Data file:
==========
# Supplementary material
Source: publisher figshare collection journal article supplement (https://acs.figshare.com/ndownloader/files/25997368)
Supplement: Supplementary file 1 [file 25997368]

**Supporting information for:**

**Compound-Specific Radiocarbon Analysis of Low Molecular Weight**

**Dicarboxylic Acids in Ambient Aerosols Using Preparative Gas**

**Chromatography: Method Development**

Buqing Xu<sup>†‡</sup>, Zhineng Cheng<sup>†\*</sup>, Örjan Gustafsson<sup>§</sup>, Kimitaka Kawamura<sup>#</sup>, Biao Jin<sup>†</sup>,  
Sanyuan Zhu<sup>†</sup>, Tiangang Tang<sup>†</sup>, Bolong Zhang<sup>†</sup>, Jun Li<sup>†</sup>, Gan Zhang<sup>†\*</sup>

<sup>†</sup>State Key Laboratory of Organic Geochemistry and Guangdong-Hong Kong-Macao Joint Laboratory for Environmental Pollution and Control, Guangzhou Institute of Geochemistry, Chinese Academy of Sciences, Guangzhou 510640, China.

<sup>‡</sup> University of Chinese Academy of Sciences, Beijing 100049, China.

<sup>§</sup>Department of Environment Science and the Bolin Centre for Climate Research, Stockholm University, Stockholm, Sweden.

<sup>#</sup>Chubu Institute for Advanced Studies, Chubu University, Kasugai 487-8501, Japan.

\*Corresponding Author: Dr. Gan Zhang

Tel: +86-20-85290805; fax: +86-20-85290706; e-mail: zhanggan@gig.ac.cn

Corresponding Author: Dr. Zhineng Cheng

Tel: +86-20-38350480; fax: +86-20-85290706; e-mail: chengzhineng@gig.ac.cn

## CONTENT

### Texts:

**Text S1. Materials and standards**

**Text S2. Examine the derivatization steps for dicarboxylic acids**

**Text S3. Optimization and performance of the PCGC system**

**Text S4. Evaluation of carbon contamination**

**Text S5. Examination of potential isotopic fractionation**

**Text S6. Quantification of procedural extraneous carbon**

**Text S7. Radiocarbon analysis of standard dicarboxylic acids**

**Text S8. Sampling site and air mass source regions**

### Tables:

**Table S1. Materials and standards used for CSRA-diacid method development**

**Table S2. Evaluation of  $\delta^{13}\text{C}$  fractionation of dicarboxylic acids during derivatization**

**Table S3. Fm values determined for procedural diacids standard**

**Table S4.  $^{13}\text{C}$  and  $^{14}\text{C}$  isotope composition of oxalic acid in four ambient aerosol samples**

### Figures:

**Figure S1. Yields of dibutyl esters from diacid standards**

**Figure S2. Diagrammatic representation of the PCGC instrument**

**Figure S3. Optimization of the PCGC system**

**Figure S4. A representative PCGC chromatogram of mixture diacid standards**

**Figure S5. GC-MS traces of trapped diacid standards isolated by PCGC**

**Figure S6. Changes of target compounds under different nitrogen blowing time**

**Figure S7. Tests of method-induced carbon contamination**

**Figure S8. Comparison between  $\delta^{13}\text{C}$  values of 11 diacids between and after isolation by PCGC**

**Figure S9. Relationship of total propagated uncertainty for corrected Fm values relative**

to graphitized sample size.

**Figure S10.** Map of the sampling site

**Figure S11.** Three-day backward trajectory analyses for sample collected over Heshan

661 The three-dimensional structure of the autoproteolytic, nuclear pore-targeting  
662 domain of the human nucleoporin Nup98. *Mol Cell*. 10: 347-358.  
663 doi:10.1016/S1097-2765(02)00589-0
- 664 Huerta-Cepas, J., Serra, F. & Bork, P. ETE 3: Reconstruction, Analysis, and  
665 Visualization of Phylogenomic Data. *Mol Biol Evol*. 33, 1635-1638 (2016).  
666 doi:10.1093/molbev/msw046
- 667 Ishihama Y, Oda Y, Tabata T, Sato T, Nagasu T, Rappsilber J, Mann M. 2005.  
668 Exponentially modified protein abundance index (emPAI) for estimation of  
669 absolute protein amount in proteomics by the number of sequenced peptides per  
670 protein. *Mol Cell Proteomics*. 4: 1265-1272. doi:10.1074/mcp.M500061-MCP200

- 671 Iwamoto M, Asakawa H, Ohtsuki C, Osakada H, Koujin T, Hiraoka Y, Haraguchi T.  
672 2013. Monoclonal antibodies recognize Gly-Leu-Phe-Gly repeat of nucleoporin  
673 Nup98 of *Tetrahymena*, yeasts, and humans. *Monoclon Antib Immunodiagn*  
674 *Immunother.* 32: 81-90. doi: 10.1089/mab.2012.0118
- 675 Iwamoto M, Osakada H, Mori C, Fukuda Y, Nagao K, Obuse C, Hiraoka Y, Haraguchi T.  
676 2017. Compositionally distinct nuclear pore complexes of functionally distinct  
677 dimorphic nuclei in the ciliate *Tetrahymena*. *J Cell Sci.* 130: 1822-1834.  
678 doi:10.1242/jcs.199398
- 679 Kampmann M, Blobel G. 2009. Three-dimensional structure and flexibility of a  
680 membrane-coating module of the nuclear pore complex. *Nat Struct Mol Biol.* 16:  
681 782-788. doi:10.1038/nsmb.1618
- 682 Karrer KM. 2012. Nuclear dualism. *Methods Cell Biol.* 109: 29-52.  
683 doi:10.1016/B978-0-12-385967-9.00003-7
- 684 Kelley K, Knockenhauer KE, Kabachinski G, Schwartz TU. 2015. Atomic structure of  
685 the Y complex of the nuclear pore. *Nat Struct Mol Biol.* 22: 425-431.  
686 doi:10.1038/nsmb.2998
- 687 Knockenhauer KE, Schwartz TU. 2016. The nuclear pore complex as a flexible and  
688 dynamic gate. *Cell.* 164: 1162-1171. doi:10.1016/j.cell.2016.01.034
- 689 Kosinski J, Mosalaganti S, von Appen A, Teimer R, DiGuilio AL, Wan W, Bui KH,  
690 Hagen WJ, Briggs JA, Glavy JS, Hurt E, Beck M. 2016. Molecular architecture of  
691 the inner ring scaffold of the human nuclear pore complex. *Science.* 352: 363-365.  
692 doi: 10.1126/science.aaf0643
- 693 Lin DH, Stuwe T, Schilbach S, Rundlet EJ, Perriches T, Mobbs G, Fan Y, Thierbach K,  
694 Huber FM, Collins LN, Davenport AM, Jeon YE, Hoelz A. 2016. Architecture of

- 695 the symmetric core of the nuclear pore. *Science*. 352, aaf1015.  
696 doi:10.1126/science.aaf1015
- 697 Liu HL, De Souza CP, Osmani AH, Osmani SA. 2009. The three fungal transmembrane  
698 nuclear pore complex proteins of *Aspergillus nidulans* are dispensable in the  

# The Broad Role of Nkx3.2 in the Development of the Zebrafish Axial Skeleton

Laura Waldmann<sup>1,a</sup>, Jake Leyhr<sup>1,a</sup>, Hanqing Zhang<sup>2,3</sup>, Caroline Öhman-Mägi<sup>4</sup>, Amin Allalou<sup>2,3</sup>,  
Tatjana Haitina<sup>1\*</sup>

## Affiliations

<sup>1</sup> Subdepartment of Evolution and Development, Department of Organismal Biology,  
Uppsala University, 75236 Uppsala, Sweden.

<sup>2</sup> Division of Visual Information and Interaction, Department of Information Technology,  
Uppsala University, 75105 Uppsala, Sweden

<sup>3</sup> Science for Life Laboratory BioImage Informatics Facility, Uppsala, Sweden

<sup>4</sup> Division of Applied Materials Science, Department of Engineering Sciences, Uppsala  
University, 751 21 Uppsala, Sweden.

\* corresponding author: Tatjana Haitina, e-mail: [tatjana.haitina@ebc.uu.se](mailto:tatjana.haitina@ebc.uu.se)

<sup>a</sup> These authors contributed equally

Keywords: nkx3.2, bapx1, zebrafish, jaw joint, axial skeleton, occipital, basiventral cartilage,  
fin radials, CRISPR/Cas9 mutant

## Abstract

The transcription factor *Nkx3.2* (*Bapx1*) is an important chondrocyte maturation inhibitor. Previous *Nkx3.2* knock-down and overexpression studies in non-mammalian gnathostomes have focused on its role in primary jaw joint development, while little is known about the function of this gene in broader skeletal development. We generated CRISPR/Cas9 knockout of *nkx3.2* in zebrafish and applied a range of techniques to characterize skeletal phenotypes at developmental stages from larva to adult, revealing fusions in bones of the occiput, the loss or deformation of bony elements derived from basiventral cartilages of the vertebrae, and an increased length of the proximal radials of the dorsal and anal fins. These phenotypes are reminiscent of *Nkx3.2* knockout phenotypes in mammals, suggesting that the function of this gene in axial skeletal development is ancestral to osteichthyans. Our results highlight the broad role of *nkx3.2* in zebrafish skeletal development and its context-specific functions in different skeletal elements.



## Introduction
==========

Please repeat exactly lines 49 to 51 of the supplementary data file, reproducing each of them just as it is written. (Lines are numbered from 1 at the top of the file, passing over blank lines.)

- 664 Huerta-Cepas, J., Serra, F. & Bork, P. ETE 3: Reconstruction, Analysis, and  
665 Visualization of Phylogenomic Data. *Mol Biol Evol*. 33, 1635-1638 (2016).  
666 doi:10.1093/molbev/msw046